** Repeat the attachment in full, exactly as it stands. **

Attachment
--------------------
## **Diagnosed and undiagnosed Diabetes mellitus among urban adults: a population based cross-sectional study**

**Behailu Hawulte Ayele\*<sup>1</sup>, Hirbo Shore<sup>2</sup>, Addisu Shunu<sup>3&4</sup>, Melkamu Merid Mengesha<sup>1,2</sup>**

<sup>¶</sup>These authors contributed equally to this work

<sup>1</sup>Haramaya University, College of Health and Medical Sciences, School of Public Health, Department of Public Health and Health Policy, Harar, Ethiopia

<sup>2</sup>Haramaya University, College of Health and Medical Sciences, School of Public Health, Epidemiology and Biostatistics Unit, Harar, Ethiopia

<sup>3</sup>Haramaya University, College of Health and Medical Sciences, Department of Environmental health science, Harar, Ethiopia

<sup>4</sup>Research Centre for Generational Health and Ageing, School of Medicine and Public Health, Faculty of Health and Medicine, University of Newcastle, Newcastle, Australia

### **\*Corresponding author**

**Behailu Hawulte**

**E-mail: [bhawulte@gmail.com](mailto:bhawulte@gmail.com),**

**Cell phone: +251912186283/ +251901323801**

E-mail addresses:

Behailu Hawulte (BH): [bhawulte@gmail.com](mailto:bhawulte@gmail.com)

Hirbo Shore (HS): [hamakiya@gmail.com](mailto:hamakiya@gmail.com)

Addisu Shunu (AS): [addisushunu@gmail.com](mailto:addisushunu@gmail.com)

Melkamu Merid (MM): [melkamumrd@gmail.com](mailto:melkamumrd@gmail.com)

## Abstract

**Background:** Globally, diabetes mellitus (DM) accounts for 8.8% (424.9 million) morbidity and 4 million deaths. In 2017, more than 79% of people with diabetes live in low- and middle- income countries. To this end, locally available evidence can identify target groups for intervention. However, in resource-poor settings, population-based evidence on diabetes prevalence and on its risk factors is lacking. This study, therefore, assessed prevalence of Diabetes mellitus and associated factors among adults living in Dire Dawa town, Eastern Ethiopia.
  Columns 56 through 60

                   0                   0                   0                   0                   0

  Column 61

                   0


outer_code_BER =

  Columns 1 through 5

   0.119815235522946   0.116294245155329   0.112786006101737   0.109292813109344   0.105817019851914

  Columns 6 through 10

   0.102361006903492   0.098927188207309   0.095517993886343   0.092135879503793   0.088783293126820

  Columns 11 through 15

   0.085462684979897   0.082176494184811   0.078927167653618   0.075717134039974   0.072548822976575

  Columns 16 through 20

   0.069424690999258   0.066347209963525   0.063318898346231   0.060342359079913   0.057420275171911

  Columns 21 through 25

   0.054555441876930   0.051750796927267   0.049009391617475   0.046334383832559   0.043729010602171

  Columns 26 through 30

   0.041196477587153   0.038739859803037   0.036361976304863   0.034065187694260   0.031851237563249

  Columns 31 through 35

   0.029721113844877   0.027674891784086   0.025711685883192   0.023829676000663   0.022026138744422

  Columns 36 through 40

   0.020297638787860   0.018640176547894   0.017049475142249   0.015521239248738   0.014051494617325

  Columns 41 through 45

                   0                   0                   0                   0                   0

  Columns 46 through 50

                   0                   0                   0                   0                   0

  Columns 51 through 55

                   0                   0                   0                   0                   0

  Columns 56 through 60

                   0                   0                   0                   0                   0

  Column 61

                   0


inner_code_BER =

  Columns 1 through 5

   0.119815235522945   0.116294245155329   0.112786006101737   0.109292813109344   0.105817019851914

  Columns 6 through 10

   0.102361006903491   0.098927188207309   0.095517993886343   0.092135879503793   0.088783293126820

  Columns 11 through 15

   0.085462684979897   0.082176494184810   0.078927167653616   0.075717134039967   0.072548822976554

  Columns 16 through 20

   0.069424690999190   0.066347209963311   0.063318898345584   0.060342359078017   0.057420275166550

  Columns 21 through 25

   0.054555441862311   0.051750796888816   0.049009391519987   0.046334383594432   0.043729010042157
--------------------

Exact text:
## **Diagnosed and undiagnosed Diabetes mellitus among urban adults: a population based cross-sectional study**

**Behailu Hawulte Ayele\*<sup>1</sup>, Hirbo Shore<sup>2</sup>, Addisu Shunu<sup>3&4</sup>, Melkamu Merid Mengesha<sup>1,2</sup>**

<sup>¶</sup>These authors contributed equally to this work

<sup>1</sup>Haramaya University, College of Health and Medical Sciences, School of Public Health, Department of Public Health and Health Policy, Harar, Ethiopia

<sup>2</sup>Haramaya University, College of Health and Medical Sciences, School of Public Health, Epidemiology and Biostatistics Unit, Harar, Ethiopia

<sup>3</sup>Haramaya University, College of Health and Medical Sciences, Department of Environmental health science, Harar, Ethiopia

<sup>4</sup>Research Centre for Generational Health and Ageing, School of Medicine and Public Health, Faculty of Health and Medicine, University of Newcastle, Newcastle, Australia

### **\*Corresponding author**

**Behailu Hawulte**

**E-mail: [bhawulte@gmail.com](mailto:bhawulte@gmail.com),**

**Cell phone: +251912186283/ +251901323801**

E-mail addresses:

Behailu Hawulte (BH): [bhawulte@gmail.com](mailto:bhawulte@gmail.com)

Hirbo Shore (HS): [hamakiya@gmail.com](mailto:hamakiya@gmail.com)

Addisu Shunu (AS): [addisushunu@gmail.com](mailto:addisushunu@gmail.com)

Melkamu Merid (MM): [melkamumrd@gmail.com](mailto:melkamumrd@gmail.com)

## Abstract

**Background:** Globally, diabetes mellitus (DM) accounts for 8.8% (424.9 million) morbidity and 4 million deaths. In 2017, more than 79% of people with diabetes live in low- and middle- income countries. To this end, locally available evidence can identify target groups for intervention. However, in resource-poor settings, population-based evidence on diabetes prevalence and on its risk factors is lacking. This study, therefore, assessed prevalence of Diabetes mellitus and associated factors among adults living in Dire Dawa town, Eastern Ethiopia.
  Columns 56 through 60

                   0                   0                   0                   0                   0

  Column 61

                   0


outer_code_BER =

  Columns 1 through 5

   0.119815235522946   0.116294245155329   0.112786006101737   0.109292813109344   0.105817019851914

  Columns 6 through 10

   0.102361006903492   0.098927188207309   0.095517993886343   0.092135879503793   0.088783293126820

  Columns 11 through 15

   0.085462684979897   0.082176494184811   0.078927167653618   0.075717134039974   0.072548822976575

  Columns 16 through 20

   0.069424690999258   0.066347209963525   0.063318898346231   0.060342359079913   0.057420275171911

  Columns 21 through 25

   0.054555441876930   0.051750796927267   0.049009391617475   0.046334383832559   0.043729010602171

  Columns 26 through 30

   0.041196477587153   0.038739859803037   0.036361976304863   0.034065187694260   0.031851237563249

  Columns 31 through 35

   0.029721113844877   0.027674891784086   0.025711685883192   0.023829676000663   0.022026138744422

  Columns 36 through 40

   0.020297638787860   0.018640176547894   0.017049475142249   0.015521239248738   0.014051494617325

  Columns 41 through 45

                   0                   0                   0                   0                   0

  Columns 46 through 50

                   0                   0                   0                   0                   0

  Columns 51 through 55

                   0                   0                   0                   0                   0

  Columns 56 through 60

                   0                   0                   0                   0                   0

  Column 61

                   0


inner_code_BER =

  Columns 1 through 5

   0.119815235522945   0.116294245155329   0.112786006101737   0.109292813109344   0.105817019851914

  Columns 6 through 10

   0.102361006903491   0.098927188207309   0.095517993886343   0.092135879503793   0.088783293126820

  Columns 11 through 15

   0.085462684979897   0.082176494184810   0.078927167653616   0.075717134039967   0.072548822976554

  Columns 16 through 20

   0.069424690999190   0.066347209963311   0.063318898345584   0.060342359078017   0.057420275166550

  Columns 21 through 25

   0.054555441862311   0.051750796888816   0.049009391519987   0.046334383594432   0.043729010042157